PHUKET: Taxi drivers on Phuket are slowly being persuaded that they need to accept a new, more efficient system, says Phuket Land Transport Chief Teerayut Prasertpon.
The central call centre telephone number is the key to future change, he says. Customers on Phuket can now call a cab by dialling 1584, or lodge a complaint via the same number.
And before long, Khun Teerayut hopes to have taxi groups in different parts of Phuket talking to each other about making pickups in rival districts.
After years of putting up with inflated prices and poor service, some expat residents appear to expect overnight miracles.
That was never going to happen. But Khun Teerayut says that all indications are positive, and the adoption of the new system has been complete at some ranks.
''Central Festival Phuket, for example, has fully converted to the new structure,'' he told Phuketwan. ''All the taxis there have signed on.
''In some of the other ranks, it will be a matter of time as they realise the system works to their advantage.''
Khun Teerayut said that in a Karon rank, for example, there might be three vehicles out of 30 now signed on for the new system.
''They are the cars who will be getting the calls from the central system to go to pick up customers,'' Khun Teeraut said.
''When the other drivers realise there is money to be made by signing on, they will sign on.''
The central Phuket call number offers customers the chance to complain or to call a cab by being specific about where on Phuket they need to be picked up.
While the first group of taxi registrations have been processed, Khun Teerayut there will be a second call for registration.
More raids will be carried out to push the taxi drivers who do not comply to heed the message that they need to sign up, or else.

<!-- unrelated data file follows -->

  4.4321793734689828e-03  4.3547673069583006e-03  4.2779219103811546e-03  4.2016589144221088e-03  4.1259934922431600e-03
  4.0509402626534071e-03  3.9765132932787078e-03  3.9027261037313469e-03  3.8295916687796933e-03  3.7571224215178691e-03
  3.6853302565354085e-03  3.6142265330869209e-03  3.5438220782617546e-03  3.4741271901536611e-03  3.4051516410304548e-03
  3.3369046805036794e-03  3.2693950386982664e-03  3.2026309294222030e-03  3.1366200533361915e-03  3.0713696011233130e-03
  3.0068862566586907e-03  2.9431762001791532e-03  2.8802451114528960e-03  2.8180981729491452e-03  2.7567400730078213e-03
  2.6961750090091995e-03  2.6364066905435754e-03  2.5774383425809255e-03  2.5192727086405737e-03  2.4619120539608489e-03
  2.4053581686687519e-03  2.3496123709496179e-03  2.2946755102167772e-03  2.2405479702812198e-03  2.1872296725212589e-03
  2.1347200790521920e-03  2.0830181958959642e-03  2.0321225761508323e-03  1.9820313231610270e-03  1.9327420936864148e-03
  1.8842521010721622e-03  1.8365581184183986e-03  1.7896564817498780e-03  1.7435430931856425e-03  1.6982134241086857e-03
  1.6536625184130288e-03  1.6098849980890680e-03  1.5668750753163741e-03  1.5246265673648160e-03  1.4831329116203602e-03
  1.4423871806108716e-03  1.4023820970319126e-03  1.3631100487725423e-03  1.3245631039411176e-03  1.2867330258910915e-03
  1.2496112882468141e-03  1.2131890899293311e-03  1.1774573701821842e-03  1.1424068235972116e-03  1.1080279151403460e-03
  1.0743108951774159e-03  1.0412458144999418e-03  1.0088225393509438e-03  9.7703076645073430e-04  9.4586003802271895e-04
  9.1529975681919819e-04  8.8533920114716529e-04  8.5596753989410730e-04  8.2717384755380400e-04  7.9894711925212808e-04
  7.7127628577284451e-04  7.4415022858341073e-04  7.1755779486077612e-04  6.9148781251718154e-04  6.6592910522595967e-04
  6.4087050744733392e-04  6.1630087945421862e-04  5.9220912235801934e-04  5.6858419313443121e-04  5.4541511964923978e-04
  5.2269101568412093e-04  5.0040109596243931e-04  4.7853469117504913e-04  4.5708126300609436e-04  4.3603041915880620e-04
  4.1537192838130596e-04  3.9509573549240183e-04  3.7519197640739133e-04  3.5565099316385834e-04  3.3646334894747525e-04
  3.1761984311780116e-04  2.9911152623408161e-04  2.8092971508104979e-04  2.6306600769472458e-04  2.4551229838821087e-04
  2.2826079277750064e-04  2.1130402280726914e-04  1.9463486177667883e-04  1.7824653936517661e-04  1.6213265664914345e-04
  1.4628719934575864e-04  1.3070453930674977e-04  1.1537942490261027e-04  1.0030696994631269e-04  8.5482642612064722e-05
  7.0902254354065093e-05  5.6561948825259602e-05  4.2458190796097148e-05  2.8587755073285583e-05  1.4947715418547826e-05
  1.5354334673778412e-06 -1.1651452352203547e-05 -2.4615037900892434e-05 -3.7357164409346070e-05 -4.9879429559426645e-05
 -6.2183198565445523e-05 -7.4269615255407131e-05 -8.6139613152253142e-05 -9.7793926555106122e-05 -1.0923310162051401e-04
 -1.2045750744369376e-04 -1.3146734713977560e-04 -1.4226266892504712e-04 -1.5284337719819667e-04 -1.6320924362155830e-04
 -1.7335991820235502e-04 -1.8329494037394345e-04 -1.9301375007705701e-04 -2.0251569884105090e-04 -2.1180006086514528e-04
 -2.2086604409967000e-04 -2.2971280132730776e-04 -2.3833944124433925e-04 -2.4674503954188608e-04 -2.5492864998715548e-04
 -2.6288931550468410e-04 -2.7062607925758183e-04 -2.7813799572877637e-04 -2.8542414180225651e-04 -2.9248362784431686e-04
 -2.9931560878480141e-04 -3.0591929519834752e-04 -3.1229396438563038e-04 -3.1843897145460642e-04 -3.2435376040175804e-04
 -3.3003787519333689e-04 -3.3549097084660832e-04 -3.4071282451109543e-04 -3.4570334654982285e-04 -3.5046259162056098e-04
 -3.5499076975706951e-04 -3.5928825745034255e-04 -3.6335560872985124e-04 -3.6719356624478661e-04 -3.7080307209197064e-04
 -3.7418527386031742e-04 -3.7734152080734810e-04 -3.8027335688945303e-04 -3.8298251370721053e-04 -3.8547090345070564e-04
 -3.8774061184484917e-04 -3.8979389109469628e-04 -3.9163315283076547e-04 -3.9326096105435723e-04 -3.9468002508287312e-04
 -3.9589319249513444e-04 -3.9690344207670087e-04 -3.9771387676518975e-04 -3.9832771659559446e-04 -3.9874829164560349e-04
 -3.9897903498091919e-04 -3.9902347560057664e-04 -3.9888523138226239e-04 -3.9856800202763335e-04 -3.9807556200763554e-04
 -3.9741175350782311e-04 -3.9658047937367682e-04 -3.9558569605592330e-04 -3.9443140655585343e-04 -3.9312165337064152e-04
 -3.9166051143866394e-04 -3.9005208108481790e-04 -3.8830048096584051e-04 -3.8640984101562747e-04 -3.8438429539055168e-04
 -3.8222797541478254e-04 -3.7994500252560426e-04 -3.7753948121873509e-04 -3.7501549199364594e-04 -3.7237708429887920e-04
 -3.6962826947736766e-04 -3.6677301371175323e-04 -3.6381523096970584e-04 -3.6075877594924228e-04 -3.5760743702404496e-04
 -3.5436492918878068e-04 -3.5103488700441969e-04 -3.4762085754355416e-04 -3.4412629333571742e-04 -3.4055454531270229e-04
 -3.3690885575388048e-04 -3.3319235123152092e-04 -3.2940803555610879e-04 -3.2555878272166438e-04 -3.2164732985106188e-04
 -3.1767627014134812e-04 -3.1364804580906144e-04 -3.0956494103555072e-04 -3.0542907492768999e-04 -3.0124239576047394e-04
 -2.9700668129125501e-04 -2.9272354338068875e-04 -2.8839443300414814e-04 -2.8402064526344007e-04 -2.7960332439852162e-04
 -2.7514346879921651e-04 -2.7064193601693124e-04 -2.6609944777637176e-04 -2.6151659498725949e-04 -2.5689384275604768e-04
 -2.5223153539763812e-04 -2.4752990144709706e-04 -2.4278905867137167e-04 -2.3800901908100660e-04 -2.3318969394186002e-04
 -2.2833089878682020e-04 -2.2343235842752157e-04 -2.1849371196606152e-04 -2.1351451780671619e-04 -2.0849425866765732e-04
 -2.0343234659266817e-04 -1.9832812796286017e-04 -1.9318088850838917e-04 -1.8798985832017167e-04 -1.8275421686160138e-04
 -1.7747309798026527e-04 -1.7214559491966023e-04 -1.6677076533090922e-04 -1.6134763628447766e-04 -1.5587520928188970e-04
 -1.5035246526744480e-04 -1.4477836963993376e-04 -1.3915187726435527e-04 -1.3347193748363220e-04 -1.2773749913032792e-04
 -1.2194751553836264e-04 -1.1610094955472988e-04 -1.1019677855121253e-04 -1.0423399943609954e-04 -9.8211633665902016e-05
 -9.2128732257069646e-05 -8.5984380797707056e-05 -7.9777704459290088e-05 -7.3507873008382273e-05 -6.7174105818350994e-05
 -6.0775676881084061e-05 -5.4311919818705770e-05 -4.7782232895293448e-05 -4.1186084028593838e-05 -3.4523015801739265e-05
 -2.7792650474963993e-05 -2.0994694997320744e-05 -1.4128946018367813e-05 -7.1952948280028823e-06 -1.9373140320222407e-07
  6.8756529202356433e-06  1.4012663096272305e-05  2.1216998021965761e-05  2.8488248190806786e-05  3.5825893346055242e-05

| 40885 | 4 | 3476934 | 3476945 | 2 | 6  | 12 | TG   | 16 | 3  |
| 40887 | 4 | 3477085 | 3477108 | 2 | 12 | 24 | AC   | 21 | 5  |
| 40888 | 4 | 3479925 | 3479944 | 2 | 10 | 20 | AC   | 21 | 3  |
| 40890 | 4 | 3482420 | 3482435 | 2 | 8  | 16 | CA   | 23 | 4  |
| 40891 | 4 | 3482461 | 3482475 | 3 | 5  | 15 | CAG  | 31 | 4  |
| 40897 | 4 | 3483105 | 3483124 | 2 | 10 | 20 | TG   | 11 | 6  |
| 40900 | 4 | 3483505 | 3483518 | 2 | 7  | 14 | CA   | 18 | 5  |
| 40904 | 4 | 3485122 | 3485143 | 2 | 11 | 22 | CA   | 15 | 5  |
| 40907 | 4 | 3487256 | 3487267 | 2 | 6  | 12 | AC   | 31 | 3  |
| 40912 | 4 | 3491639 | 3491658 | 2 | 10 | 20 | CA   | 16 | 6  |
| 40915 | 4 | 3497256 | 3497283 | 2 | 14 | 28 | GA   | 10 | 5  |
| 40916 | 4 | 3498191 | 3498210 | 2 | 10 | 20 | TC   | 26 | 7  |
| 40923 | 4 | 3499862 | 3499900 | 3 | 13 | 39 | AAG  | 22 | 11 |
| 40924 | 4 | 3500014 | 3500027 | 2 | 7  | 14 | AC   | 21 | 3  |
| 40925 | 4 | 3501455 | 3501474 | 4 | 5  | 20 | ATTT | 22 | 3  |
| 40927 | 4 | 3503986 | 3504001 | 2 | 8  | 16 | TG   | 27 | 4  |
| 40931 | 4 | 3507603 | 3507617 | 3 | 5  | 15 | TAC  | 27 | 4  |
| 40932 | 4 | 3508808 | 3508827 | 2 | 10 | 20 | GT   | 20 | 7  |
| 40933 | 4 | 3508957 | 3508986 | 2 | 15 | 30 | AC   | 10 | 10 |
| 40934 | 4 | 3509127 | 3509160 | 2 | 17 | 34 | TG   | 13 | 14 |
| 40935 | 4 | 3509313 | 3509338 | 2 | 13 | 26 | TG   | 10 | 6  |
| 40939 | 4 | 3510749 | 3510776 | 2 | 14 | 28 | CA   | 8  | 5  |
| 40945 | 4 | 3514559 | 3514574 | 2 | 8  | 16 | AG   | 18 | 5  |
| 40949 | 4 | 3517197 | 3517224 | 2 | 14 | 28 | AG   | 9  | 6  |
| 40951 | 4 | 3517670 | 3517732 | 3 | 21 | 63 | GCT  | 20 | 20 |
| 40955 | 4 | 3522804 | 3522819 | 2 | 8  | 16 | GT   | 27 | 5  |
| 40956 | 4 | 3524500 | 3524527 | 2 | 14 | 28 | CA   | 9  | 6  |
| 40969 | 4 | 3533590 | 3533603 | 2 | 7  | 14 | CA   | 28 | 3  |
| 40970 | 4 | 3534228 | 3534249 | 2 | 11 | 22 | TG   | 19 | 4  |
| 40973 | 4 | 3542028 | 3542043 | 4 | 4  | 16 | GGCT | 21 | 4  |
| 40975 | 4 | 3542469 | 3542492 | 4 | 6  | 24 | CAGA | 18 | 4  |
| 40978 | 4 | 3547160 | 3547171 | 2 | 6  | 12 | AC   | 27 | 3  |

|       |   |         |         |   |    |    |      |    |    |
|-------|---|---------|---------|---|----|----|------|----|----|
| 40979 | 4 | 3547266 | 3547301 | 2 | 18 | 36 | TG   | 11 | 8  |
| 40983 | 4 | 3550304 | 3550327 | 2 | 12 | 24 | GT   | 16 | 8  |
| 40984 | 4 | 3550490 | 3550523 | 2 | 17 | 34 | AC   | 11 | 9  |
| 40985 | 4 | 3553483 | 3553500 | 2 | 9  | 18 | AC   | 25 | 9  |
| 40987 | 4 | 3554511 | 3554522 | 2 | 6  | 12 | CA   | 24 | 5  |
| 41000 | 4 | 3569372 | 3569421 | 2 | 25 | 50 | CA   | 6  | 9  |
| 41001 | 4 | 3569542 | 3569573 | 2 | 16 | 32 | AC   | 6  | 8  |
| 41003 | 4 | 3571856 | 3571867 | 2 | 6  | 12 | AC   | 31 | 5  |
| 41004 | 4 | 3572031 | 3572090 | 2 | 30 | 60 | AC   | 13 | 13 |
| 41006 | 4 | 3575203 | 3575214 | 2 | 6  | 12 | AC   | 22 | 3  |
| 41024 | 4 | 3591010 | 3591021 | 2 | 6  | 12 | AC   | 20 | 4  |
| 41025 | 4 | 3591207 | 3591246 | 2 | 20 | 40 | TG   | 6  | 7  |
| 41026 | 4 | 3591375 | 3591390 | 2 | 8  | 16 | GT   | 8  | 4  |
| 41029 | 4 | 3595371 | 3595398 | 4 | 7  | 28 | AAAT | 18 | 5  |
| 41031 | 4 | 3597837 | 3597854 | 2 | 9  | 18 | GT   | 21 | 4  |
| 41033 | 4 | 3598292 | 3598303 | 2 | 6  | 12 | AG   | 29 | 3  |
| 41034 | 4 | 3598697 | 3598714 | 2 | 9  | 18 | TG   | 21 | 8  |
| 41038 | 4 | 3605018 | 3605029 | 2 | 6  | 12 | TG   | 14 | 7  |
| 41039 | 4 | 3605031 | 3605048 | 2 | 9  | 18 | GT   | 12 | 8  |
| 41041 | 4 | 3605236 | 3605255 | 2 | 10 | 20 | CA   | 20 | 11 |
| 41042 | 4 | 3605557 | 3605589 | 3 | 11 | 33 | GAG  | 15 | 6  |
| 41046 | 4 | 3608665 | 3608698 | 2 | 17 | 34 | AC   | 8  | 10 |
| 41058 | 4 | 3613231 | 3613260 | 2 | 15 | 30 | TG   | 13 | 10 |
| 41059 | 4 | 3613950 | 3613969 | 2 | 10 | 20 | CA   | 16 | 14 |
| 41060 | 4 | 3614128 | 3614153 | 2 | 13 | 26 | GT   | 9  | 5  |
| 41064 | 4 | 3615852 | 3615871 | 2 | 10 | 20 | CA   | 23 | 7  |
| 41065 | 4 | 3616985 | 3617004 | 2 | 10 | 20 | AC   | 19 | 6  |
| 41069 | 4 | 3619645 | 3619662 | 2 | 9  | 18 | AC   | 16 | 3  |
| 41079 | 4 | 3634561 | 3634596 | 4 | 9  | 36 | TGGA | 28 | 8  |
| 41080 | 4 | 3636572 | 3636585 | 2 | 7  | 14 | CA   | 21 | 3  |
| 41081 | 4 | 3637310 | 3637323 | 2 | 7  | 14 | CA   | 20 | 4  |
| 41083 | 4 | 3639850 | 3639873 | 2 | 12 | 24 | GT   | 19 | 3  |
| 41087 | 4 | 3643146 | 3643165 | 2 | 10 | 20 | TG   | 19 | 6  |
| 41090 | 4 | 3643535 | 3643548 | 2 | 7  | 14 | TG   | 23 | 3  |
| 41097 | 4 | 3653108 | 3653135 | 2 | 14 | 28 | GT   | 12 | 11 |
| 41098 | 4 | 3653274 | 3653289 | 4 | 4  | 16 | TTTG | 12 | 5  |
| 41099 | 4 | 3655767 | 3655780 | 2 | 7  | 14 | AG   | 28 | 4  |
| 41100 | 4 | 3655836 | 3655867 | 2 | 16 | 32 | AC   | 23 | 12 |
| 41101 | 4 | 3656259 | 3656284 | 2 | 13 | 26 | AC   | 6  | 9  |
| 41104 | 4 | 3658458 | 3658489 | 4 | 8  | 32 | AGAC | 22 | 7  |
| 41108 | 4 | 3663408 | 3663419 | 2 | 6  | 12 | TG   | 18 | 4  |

''What the police at Tachatchai checkpoint have also discovered in that some drivers with a fleet of perhaps four or five cars have been trying to use the same paperwork for all their cars,'' he said.
''Of course, every vehicle has to be registered separately.''
He said the next major step will be when leaders from taxi groups that have traditionally been rivals are brought together to examine the advantages of picking up customers in each other's traditional territory.
As the central call system becomes more widely adopted, the commonsense in a Phuket-wide network becomes obvious.
Only with the adoption of a call centre does the concept of metered cabs also become realistic.
The present metered cabs cannot compete for income with the legal and illegal cabs because their fares do not cover the return journey by the empty taxi.
This accounts for metered taxi drivers preferring to turn off the meter, to charge a fare similar to the high rates asked by other cabbies.
Phuket International Airport presents special problems. An illegal group of 135 drivers have now signed on to the Mook Andaman group.
But the airport says there is only ''room'' for 50 taxies, so 25 will join each of the existing two taxi and limousine groups.
The lucky drivers will be those with the best cars, the ones most appropriate for the airport services.
But Khun Teerayut believes the airport system can be made to work more effectively if airport managers take over the operation and run it the way that the service is run at Suvarnabhumi airport in Bangkok.
''The concept of having small, controlled groups needs to go out the door,'' said Khun Teerayut. ''At Suvarnabhumi, the taxis queue in a sensible order and each gets a job eventually.
''The airport gets 50 baht per cab. If the numbers were done at Phuket International Airport, they will find the same system is a win-win situation all round.''
With the airport now being expanded, the timing is right for a taxi restructure.
And once the existing fares are cut in half - which they would be if taxis all over Phuket were allowed to pick up fares under a central call centre model - all of the tourists' criticism of Phuket's high fares would gradually disappear.
Making that central control centre number work is the key. If you need a taxi on Phuket, call 1584.